The Harlan Dickson played a key role in the crisis, helping to evacuate American citizens out of Haifa, Israel.
"They were in danger," Lysne says of the Americans. "So we went in there one night, with guns loaded, and we got them out and brought them to Greece."
Lysne's role was to make sure the ship's engines kept running, so it would be ready to make a hasty exit, if need be.
"Everything went fine," he says, "but on the way there, we saw arcs going both ways across our radar, and come to find out, it was two ships shooting at each other and we were going right between them. We had to change course in a hurry."
As a Machinist Mate, Lysne was part of a team that oversaw operations of the ship's two main steam engines. There were usually four men on each engine at any given time: one operating the throttle board, another watching the pumps, another distilling ocean water into fresh water, and another taking readings. When the ship wasn't running, the team would do maintenance and repair work on the engines.
Lysne says they never ran into any problems with the engines at sea, but they did often have trouble with the generators, especially in warmer waters and warmer climates, which were harder on the machinery.
"When that happened, no one would have power and everybody would get mad at us," he says of the generators going out. "You had to answer for that."
In all, there were 200 to 300 crew members aboard the Harlan Dickson at any given time. Lysne roomed with the other Machinist Mates, and they got to know each other pretty well. They'd often spend their off-duty time together, sight-seeing, going out to bars and trying to find restaurants that served American food—steak and eggs was always a favorite dish.
Looking back on his time in the Navy, Lysne says, "I don't think I would do anything different. It was a very good experience for me. I had been raised on a farm; I had a lot to learn about living, and by the time I got out of the Navy, I could have gone to any spot in the world and wouldn't have had any problem. It was a very good education for me."
After completing his four years of active service, Lysne joined the Navy Reserve and, after a couple of years of working in the mines on the Iron Range, went to the North Dakota State College of Science in Wahpeton to study engineering technology.
He met his wife, Darlene, while recruiting for the Reserve. She was the daughter of his fellow recruiter's friend.
They met, "I asked her out, and that was that," Lysne recalls. They got married in 1961.
For the next several years, Darlene worked as a teacher, and Duane worked as an engineer. After that, she stayed home to raise their two sons, Dean and Tom, and Duane started teaching engineering, first at the technical college in Wadena and then at his alma mater, the North Dakota State College of Science.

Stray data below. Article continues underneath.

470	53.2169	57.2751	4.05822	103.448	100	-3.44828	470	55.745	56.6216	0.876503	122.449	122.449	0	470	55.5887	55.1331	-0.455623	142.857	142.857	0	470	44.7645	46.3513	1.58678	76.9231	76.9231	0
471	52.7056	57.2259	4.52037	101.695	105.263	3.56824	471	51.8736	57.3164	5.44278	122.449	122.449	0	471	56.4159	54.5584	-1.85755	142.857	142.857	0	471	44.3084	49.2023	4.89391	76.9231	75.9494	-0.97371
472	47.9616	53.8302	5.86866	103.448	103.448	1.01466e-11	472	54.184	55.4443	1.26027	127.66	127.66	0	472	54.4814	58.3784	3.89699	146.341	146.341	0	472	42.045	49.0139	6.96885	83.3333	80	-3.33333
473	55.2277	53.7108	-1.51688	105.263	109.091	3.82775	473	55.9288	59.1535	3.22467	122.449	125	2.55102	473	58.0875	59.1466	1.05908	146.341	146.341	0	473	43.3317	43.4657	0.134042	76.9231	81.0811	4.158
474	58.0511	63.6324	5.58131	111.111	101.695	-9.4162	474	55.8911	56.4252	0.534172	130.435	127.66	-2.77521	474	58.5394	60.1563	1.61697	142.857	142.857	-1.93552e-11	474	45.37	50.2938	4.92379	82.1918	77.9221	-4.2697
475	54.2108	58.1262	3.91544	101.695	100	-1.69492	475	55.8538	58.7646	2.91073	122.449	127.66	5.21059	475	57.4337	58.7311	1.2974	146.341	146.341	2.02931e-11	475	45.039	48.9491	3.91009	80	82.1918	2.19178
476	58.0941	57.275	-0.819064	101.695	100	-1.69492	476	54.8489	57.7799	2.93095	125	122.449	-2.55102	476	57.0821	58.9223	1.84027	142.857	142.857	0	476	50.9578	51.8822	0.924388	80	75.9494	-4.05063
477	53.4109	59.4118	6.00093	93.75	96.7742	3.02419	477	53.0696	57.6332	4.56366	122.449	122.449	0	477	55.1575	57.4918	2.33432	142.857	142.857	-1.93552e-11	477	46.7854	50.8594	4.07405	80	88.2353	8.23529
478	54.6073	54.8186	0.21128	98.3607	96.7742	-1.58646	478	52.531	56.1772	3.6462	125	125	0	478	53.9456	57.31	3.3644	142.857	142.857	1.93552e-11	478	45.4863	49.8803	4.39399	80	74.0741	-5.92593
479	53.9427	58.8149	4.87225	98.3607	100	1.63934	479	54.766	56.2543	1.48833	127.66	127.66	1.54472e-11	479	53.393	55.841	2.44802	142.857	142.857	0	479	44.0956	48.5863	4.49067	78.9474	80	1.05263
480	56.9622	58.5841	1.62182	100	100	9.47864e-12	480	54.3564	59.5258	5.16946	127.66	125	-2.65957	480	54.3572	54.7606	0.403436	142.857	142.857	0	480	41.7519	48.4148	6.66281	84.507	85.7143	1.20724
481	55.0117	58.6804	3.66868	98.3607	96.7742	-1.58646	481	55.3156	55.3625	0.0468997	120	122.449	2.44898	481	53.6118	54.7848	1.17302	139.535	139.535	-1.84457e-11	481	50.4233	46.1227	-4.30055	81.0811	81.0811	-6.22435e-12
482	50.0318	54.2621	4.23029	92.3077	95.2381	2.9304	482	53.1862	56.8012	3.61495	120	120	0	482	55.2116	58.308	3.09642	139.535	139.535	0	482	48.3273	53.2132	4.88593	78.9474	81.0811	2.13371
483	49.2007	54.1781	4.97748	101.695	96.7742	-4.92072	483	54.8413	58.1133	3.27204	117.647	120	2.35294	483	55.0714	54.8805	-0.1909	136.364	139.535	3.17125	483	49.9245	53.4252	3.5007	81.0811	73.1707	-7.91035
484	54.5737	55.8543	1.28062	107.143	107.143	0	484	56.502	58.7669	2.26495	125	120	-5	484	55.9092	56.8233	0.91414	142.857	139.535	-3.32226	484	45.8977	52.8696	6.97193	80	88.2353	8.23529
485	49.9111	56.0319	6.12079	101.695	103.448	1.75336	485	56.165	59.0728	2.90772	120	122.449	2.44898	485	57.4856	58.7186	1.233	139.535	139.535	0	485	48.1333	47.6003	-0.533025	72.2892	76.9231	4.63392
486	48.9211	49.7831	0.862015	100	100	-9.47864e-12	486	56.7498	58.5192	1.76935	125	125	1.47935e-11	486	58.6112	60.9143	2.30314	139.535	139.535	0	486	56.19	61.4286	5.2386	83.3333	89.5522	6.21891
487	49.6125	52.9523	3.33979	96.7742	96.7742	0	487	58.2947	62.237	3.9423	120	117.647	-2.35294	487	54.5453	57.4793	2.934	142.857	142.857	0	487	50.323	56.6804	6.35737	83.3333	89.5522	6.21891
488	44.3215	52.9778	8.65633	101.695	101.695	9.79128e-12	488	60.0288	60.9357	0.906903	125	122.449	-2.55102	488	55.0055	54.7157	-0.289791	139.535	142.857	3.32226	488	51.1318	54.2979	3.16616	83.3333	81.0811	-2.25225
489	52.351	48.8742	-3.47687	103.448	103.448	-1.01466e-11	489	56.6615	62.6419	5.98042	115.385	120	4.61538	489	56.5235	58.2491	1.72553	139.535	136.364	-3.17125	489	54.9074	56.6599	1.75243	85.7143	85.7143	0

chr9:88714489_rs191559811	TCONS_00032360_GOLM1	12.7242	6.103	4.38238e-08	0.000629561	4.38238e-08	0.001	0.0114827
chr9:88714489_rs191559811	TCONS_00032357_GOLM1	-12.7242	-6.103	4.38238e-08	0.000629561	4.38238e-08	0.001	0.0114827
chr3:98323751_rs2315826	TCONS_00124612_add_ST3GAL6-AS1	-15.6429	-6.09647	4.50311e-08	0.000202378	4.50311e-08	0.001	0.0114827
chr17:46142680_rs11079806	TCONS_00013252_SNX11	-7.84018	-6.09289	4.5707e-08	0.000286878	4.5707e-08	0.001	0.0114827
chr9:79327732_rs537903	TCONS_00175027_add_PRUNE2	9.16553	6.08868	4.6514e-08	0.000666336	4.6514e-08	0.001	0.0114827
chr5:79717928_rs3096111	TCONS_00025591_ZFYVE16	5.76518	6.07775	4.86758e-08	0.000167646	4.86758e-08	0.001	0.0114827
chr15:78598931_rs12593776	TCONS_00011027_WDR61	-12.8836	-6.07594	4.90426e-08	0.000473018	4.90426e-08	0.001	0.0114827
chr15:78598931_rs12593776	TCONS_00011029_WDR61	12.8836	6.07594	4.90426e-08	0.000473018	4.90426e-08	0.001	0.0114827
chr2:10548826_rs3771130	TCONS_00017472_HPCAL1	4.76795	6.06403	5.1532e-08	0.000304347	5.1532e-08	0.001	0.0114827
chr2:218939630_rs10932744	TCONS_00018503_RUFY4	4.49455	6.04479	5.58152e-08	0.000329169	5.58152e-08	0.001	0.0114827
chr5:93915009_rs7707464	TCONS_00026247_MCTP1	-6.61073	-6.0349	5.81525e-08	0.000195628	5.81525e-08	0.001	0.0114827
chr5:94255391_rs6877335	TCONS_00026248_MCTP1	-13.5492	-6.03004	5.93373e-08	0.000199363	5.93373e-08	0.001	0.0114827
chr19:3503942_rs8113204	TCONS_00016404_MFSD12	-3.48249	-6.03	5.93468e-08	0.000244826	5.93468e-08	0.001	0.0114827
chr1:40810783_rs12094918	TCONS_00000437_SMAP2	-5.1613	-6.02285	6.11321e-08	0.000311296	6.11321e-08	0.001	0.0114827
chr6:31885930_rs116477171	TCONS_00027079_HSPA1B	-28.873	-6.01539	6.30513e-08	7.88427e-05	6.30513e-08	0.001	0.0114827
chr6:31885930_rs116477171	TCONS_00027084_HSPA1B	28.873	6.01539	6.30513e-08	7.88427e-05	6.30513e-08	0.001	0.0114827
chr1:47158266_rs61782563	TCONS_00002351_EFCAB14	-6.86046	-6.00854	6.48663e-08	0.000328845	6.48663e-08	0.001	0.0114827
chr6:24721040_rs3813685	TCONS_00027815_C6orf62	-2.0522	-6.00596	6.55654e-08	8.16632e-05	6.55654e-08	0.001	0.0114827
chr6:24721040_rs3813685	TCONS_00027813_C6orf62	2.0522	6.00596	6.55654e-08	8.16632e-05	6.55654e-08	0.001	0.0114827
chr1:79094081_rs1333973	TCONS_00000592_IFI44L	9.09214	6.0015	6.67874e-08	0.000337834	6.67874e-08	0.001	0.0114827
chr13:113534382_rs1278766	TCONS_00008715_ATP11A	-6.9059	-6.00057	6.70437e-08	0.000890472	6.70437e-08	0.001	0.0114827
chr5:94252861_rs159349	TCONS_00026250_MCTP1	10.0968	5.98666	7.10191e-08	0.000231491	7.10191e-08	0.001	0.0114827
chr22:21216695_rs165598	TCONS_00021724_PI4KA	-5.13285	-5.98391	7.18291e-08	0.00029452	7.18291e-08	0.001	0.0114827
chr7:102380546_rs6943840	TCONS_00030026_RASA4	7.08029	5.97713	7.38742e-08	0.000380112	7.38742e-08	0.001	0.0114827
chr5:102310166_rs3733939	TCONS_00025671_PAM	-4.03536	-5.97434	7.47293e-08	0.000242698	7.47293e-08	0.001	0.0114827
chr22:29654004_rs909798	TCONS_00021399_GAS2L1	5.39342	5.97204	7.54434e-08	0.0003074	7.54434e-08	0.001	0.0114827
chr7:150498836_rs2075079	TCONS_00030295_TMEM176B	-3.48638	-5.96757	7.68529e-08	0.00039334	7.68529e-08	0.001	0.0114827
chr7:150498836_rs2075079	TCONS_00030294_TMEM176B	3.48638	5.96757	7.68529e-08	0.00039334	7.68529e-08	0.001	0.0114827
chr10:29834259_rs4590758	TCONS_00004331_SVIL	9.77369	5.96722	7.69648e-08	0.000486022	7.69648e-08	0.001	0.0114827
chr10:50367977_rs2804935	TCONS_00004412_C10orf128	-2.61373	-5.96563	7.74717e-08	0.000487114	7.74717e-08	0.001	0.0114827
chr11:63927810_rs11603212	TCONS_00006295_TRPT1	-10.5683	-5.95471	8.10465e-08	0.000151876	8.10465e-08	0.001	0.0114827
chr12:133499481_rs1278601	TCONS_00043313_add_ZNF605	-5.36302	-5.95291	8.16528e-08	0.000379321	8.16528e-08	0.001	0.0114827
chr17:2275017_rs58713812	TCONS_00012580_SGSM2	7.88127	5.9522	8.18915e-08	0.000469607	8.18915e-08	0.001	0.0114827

They bought their Marion Lake property in 1970 and started spending their summers there. After Duane retired in 2004, they built a new home on the lot and have since lived there full-time.
Today, they're both active in their church, Calvary Lutheran, and they like to do volunteer work and spend time with friends and family. Some of their grandkids are active in Perham sports, and they enjoy getting out to games. Darlene is part of the P.E.O. philanthropic organization, and Duane has been an active member of the Dent American Legion for about the past two years.
"Duane is a terrific guy who is fairly new to our Legion Post," says Ron Bjelland, Commander of the Dent Legion. "He is always willing to step up and volunteer to assist on projects, no matter what."
Duane also spends a fair amount of time on his favorite hobby—researching his family history. Hanging alongside the Navy memorabilia in his man cave are shelves full of binders containing detailed information on his Norwegian ancestors. He likes to learn all he can about them from historical records, and then write their stories. Some of his records date back to the 1500s.
"Everything was meant to be," Duane says of how his life turned out. If he hadn't gone into the Navy, he says, he'd probably still be a farmer in Grant County, but he's happy with where he's been, and where he is now. He's never regretted joining the service.
"When he left high school, he didn't have any direction, so it was good for him," says Darlene. "It exposed him to the world. He always says it was very beneficial to him."
"It satisfied my urge to travel," Duane adds. "You learn to take discipline and follow orders. I don't think it's for everybody, but I sure would not deter anyone (from enlisting). I would never want to go through it again, but I would never give it up, either."